Press Release, 24 January 2012
Coalition against BAYER Dangers (Germany)

Baytril: BAYER profits from factory farming

60% of all antibiotics end up in the farm yard / more and more resistant strains

More than half of all antibiotics produced globally end up being used in the farm yard, creating a mass of resistant strains which are detectable in pork, beef or poultry after slaughter. Sometimes this danger is lethal.

One of the biggest profiteers of factory farming is the German pharmaceutical corporation BAYER. In 2010 BAYER achieved a turnover of 166 million euro with the animal antibiotic Baytril alone, an 11 percent increase on the previous year. BAYER is the fourth largest company worldwide in the field of veterinary medicine.

Philipp Mimkes of Coalition against Bayer Dangers said: “Keeping thousands of animals in a cramped space would not be possible without the products of BAYER & Co. BAYER benefits from the disastrous conditions in factory farming where new diseases emerge constantly, thus bearing partial responsibility for the emergence of antibiotic-resistant strains.”

In many animal rearing facilities injections with Baytril are part of everyday routine. The drug has been used en masse since 1995 in the treatment of infectious diseases of poultry, calves, cattle, turkeys and pigs. The active ingredient of Baytril (Enrofloxacin) is chemically related to the human antibiotics CIPROBAY (Ciprofloxacin) and AVALOX (Moxifloxacin) marketed by BAYER. The large scale use of Baytril has led to increasing inefficacy of human antibiotics.

The Coalition against Bayer Dangers demands:
=> A ban on the abusive practice of factory farming, necessitating the excessive use of antibiotics in the first place,
=> A seamless documentation of all antibiotic use in the farm yard,
=> A ban on the routine dispensation of antibiotics in animal feed, and the corresponding inspections and penalties,
=> The use of antibiotics exclusively through vets; the aim must be to rear animals without antibiotics,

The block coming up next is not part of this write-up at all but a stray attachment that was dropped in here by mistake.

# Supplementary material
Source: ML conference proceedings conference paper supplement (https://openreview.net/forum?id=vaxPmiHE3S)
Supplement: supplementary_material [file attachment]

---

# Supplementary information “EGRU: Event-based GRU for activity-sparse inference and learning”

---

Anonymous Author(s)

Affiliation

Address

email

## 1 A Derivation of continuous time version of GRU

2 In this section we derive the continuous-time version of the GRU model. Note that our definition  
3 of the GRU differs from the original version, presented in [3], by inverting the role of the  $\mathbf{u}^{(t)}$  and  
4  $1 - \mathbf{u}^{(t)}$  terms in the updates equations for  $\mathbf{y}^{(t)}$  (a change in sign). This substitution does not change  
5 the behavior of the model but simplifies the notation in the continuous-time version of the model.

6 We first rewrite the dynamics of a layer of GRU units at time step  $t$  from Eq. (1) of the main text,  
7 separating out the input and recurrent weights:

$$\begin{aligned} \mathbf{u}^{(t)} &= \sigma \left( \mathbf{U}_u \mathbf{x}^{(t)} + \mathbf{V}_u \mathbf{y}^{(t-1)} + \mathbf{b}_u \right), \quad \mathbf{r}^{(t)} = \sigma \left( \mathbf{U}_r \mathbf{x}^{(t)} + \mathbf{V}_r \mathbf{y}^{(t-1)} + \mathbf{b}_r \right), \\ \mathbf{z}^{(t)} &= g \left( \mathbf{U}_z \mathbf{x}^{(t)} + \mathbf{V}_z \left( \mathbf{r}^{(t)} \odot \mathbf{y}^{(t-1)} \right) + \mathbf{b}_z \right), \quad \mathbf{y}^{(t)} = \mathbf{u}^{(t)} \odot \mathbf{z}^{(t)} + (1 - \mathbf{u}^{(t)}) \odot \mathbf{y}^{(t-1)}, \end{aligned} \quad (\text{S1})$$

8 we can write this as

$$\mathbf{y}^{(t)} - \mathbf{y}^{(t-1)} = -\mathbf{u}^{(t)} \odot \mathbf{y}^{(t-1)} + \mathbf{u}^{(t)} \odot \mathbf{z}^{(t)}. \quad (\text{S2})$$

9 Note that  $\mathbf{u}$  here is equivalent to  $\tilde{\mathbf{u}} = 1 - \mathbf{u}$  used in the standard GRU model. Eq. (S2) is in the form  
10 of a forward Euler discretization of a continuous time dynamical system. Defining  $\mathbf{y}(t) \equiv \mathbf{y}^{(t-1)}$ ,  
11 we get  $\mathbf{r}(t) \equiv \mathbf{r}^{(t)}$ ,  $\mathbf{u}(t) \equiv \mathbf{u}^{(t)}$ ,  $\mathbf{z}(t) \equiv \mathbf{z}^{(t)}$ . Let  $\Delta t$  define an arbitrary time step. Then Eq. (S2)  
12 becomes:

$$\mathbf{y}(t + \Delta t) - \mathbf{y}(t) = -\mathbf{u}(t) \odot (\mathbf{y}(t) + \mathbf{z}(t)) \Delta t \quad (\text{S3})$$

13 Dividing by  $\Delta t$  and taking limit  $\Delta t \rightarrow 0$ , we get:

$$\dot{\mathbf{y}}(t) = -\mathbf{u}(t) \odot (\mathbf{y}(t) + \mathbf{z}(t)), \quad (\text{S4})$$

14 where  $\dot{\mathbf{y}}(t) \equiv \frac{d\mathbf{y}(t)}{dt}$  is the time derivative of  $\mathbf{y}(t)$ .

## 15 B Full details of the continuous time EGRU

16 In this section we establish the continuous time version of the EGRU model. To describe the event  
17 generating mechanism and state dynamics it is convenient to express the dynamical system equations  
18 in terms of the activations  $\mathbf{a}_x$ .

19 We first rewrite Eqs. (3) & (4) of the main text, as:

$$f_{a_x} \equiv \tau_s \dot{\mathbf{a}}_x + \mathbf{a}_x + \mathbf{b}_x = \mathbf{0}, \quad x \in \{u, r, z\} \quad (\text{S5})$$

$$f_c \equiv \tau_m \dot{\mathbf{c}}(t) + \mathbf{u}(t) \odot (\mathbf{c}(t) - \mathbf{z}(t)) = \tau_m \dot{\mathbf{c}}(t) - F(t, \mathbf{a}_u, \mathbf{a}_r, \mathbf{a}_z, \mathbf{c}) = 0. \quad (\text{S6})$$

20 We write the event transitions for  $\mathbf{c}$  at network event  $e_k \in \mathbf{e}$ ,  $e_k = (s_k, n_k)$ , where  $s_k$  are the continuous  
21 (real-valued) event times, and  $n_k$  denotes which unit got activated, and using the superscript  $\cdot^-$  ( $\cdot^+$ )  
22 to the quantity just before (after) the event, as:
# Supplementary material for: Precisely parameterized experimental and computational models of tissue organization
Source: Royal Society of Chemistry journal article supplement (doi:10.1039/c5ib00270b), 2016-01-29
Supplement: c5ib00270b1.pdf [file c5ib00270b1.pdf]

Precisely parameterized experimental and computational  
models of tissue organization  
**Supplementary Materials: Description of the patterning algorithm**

=> A ban on the routine use of antibiotics in whole herds.

Recent studies prove that a large part of chicken meat in supermarkets is contaminated with antibiotic-resistant strains. In the case of a subsequent infection consumers cannot be treated with common antibiotics.

In the European Union the preventive use of antibiotics was banned years ago, however, without causing a drop in the fall of amount used. A study carried out by the European Food Safety Authority (EFSA) last autumn concluded that the use of antibiotics in animal rearing increases the risk of their inefficacy in humans. For years the World Health Organisation (WHO) too has demanded a ban on the large scale use of antibiotics in animal rearing.

More information :
=> FDA bans Bayer antibiotic for poultry use
=> Judge Rules Against Bayer on Poultry Antibiotic
=> Antibiotic-resistant bacteria: Send letter to Bayer Corp.
=> American authorities ban antibiotic BAYTRIL for poultry

People´s World, February 6, 2012

Bayer's ill-gotten factory farming profits

There are potentially lethal strains of bacteria, traced to antibiotics produced by pharmaceutical corporation Bayer, present in pork, beef, and poultry. The German company's highly profitable products are also reported to encourage increasingly inhumane factory farming conditions.

Livestock on factory farms are regularly given antibiotics, said a report by Salon. It makes them gain weight on less feed, and reduces their chances of getting sick in confined quarters. But the use of these antibiotics also results in potentially dangerous antibiotic-resistant bacteria - super bugs - which have been detected in meats.